But I don’t think this is right. Despite slipping backwards at times (sometimes significantly so), I think the overall trend for our species is to progress more and more in the right direction. The arc of humanity bends toward truth – for the simple reason that, firstly, smart people tend to be right more often; secondly, others tend to recognize who the smartest people are when they hear from them; and thirdly, they tend to pay attention to the smart people and listen to what they have to say. This isn’t always how it goes, of course – the imbalance in favor of intelligence might not even be that big – but I think that on average, there’s a reason why the foremost experts and decision-makers tend to be (and work closely alongside) people who are more intelligent than the typical schlub on the street. Overall, the ideas that come out on top tend to be the ones that are better.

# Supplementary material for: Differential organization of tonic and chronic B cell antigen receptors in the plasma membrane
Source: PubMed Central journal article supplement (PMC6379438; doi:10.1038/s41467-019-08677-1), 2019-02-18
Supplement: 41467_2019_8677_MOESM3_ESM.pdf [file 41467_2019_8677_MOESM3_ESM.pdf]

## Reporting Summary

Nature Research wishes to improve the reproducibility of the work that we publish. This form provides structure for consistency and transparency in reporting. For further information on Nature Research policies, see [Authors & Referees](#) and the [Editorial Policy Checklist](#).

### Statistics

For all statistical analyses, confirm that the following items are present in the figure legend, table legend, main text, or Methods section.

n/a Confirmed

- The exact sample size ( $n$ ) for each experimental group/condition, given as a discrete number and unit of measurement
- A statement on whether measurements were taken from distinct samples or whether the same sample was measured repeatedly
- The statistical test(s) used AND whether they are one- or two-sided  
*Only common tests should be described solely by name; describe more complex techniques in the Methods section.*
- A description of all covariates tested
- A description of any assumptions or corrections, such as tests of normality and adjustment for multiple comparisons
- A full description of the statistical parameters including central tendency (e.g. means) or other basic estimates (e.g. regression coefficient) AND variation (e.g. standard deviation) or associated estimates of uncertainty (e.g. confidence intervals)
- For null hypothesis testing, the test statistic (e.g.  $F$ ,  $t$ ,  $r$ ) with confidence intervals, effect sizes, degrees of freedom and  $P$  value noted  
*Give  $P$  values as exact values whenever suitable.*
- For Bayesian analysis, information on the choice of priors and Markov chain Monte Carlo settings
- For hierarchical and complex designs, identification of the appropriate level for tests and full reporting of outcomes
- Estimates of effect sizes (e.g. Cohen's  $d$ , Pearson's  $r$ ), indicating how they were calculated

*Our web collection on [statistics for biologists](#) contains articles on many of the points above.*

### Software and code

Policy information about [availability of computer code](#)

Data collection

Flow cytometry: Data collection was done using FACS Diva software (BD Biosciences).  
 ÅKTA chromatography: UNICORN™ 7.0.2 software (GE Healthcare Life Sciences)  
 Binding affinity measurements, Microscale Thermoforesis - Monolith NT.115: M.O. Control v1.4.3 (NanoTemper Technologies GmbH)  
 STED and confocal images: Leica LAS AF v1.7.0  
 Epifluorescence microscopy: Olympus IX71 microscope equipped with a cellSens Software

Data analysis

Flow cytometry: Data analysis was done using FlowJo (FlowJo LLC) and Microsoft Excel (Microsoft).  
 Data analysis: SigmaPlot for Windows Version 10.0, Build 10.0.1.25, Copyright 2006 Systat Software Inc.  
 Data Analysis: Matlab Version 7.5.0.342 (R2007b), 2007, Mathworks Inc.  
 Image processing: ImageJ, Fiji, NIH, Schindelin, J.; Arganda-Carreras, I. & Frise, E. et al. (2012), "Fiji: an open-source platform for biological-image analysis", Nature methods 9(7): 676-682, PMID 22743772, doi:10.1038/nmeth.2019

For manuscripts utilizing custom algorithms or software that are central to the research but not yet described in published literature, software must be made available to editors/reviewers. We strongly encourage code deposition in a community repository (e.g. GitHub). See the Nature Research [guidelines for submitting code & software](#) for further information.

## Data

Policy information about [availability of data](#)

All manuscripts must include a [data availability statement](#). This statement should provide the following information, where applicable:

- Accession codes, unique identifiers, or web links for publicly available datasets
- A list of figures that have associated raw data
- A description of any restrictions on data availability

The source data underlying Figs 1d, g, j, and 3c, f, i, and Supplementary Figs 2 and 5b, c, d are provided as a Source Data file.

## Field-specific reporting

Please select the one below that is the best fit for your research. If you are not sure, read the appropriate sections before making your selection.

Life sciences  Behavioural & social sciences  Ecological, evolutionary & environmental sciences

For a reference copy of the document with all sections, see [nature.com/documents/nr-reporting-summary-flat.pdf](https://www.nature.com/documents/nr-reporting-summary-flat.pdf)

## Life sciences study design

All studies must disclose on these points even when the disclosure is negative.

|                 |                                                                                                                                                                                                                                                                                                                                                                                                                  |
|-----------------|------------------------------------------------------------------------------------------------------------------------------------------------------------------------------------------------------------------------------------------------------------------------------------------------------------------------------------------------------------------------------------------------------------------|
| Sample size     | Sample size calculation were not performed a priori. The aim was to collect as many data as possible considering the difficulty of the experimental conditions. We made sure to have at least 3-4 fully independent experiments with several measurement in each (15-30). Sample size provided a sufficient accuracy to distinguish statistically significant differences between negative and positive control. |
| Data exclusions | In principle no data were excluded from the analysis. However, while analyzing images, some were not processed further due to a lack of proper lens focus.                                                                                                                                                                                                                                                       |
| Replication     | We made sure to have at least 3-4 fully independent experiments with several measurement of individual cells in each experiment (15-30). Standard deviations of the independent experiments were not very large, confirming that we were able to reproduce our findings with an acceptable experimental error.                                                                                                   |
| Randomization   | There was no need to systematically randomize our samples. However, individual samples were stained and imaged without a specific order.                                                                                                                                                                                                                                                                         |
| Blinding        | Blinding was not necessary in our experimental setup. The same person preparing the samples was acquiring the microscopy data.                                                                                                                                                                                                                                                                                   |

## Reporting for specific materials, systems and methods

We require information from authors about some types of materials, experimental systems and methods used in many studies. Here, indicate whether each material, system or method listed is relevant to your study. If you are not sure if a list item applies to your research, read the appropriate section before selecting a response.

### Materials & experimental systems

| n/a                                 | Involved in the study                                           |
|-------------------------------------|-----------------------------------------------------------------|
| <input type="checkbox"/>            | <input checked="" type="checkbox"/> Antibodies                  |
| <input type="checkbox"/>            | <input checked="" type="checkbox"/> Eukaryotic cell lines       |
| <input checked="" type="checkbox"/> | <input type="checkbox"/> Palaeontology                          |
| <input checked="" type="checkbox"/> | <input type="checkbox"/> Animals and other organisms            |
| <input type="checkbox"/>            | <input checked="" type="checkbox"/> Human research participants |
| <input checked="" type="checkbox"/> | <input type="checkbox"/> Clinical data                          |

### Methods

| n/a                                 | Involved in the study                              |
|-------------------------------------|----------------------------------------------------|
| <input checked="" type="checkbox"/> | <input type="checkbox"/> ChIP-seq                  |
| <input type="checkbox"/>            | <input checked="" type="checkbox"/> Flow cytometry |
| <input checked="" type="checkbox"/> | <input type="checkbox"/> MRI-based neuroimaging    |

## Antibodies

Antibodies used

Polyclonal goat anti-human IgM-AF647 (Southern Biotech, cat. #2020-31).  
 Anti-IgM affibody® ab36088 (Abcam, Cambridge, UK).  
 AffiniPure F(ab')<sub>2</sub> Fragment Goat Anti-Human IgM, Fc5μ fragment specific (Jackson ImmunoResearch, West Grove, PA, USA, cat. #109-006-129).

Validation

On a related note, this is also why I’m wary of any ideology that calls for “tearing down the whole rotten system and starting over.” It’s true that our society has a lot of problems, and that some of these are very big, very serious problems. But we’ve also got a lot of good things going for us – a lot of social norms, institutions, and practices that really do make our lives better in vital ways, and that are crucial to preserve. (If you don’t believe it, try visiting a third-world country and comparing their institutions to our own.) We have to be extremely careful, then, not to throw the baby out with the bathwater when considering radical changes to the system. As Alexander warns, “There are many more ways to break systems than to improve them.” So although it may be easy to think that you’ve come up with some utopian solution that could solve all of our social ills by tearing down the current system, it’s worth recalling the idea of Chesterton’s Fence mentioned earlier. In all likelihood, the reason your brilliant idea hasn’t been implemented is not because nobody’s ever thought of it before, but because there’s a bull hidden behind the fence you want to tear down, and overturning the current system would create more complications than it solves. Alexander continues: